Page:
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This blog is the work of an educated civilian, not of an expert in the fields discussed.

Tuesday, October 27, 2009

"May Of Right Do"

And Also: Rachel Maddow last night opened her show by noting the limited public option with opt-out supported by Sen. Reid is on the conservative side of the options available. And TPM says a few expected suspects still are making noises that it is too liberal. Blah.

A useful summary commentary of the military commissions component of the upcoming defense bill (the hates crime legislation amendment getting most of the press*) is found here. It gave me a chance to set forth my overall views:

The bottom line is that the U.S. government has certain limits to their authority, limits that in some part are not just statutory or treaty related (that too) but a component of their lawful power itself. Thus, the laws of war is not just a matter of grace. It helps define the basic powers in question.

This is not just a matter of "rights" -- thus, Congress has no power to suspend habeas except for certain situations. Or, to pass ex post facto laws. Or, to enslave. Doesn't matter who it is; shades of Galatians 3:28 -- the limits of power, which implies a right, applies to all.

I would not only rest on this, but it seems to me that providing basic rights to all detained, all "persons," including a right to appeal, counsel, and other basic rights is essential to limit the power of the government to its appropriate sphere.

We need first to save our own souls ... not mistreat ... in the process, others also have rights. But, "we the people" also have a duty here. If in the process enemies get some rights, it is "necessary and proper."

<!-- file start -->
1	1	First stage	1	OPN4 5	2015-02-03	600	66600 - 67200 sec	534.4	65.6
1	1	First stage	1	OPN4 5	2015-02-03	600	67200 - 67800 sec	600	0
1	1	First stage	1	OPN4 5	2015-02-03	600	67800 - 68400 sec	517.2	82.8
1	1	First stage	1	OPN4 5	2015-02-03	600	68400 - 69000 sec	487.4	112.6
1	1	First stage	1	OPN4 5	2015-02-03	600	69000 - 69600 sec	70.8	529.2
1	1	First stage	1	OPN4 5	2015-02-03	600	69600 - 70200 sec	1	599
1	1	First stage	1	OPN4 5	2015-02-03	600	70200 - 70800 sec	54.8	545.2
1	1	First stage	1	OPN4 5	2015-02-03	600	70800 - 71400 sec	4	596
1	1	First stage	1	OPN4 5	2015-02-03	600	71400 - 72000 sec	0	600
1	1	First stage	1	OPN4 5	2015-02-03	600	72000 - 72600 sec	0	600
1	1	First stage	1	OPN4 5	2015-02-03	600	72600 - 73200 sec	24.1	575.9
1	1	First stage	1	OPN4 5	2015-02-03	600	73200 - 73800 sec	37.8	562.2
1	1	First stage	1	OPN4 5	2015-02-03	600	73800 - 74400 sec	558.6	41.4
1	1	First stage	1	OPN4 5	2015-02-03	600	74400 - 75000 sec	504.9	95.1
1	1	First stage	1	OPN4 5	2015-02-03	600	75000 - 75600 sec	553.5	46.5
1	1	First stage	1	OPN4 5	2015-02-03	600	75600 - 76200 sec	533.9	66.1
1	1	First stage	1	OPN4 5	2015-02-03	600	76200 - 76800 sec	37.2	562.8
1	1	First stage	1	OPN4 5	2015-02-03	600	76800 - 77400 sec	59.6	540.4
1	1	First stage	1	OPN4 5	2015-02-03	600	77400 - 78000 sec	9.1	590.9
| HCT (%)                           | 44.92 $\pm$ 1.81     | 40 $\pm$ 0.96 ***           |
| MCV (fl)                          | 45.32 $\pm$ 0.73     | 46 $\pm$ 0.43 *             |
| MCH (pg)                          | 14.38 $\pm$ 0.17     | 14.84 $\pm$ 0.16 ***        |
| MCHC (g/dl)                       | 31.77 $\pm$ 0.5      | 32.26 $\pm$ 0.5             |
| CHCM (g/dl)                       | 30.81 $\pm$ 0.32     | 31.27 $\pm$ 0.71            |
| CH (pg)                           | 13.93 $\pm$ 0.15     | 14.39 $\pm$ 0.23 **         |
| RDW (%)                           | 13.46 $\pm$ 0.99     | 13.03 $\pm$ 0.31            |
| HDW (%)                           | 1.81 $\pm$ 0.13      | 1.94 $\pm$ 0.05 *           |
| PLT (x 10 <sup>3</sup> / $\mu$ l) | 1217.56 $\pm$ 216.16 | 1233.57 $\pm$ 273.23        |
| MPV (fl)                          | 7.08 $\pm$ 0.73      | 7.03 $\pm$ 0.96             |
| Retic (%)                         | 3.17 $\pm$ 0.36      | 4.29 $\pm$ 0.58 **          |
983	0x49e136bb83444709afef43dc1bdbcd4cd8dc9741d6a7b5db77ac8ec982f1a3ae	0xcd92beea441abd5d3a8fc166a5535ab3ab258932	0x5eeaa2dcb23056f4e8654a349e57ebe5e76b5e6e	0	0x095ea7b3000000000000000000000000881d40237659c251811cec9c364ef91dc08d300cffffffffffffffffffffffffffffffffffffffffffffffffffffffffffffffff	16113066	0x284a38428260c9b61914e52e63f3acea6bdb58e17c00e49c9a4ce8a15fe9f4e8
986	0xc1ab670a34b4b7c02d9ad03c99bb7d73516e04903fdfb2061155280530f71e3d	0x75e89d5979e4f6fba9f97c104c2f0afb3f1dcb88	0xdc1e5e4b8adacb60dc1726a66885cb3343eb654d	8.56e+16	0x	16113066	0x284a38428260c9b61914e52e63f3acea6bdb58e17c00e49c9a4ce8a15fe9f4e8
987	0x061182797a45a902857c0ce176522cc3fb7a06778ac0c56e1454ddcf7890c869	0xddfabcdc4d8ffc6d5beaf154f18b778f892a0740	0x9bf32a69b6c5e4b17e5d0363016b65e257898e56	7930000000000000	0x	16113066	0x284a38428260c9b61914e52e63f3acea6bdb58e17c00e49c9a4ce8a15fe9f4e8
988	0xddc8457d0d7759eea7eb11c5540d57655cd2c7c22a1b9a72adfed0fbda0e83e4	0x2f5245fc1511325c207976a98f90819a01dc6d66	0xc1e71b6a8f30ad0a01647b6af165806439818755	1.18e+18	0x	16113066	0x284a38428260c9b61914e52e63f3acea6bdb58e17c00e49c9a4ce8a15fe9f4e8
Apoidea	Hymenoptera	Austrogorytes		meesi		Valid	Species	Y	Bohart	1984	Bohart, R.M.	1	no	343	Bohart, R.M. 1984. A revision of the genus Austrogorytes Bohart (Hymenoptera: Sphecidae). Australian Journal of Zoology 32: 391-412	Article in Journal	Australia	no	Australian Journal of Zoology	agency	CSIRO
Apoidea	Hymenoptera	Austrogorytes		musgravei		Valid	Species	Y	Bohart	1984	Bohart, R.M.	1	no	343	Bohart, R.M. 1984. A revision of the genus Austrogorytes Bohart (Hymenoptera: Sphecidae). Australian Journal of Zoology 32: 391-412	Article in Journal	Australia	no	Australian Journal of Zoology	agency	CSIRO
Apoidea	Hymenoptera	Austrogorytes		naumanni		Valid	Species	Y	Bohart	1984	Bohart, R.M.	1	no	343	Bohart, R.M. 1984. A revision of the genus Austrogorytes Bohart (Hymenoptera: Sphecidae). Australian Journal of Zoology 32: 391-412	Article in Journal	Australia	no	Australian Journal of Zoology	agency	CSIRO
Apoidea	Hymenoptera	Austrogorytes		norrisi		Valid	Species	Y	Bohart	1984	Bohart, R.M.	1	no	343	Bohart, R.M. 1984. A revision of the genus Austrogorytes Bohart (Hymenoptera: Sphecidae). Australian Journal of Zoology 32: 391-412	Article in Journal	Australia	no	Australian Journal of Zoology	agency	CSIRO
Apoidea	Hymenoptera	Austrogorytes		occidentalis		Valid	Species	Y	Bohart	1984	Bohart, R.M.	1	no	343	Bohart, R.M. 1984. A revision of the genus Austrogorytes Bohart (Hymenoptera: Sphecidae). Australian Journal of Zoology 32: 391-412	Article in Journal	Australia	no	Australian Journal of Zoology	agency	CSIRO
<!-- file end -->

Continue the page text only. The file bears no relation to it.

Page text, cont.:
Basic rules and limits apply. The ends justifies the means was not the rule during the Revolutionary War, and it is not now. This has both pragmatic and moral value.

As CJ Hughes, not Justice Kennedy, once noted:

the war power of the Federal Government is not created by the emergency of war, but it is a power given to meet that emergency. It is a power to wage war successfully, and thus it permits the harnessing of the entire energies of the people in a supreme cooperative effort to preserve the nation. But even the war power does not remove constitutional limitations safeguarding essential liberties. When the provisions of the Constitution, in grant or restriction, are specific, so particularized as not to admit of construction, no question is presented.

Limited government, even when "the people" are not the target, is for our benefit. This includes limits on what we can do to those in detention. In the current conflict, this can include people who have lived among us as citizens or lawful residents for decades.

Some, however, think basic rights (not all rights) are too much. Forever watchful, we must be for they include those with much more power and authority than the likes of any one of us.

There is still some sentiment that "them" (those assumed to be enemy combatants) can be treated however we want as if there were only pragmatic limits to how the government acts. This is false. Limited government includes limits on treatment of "others." Of course, we can sneer at this and international law in general (see various posts by Eric Posner here). Some who do this claim to be conservatives or originalists who respect the Constitution and rule of law. By ignoring both.

And, good take on the upcoming series.


* I'm wary about hate crime legislation on pragmatic and other grounds, but if the federal government is going to have it in place (including funding various programs) for various other groups, equality alone justifies extending it to sexual orientation too.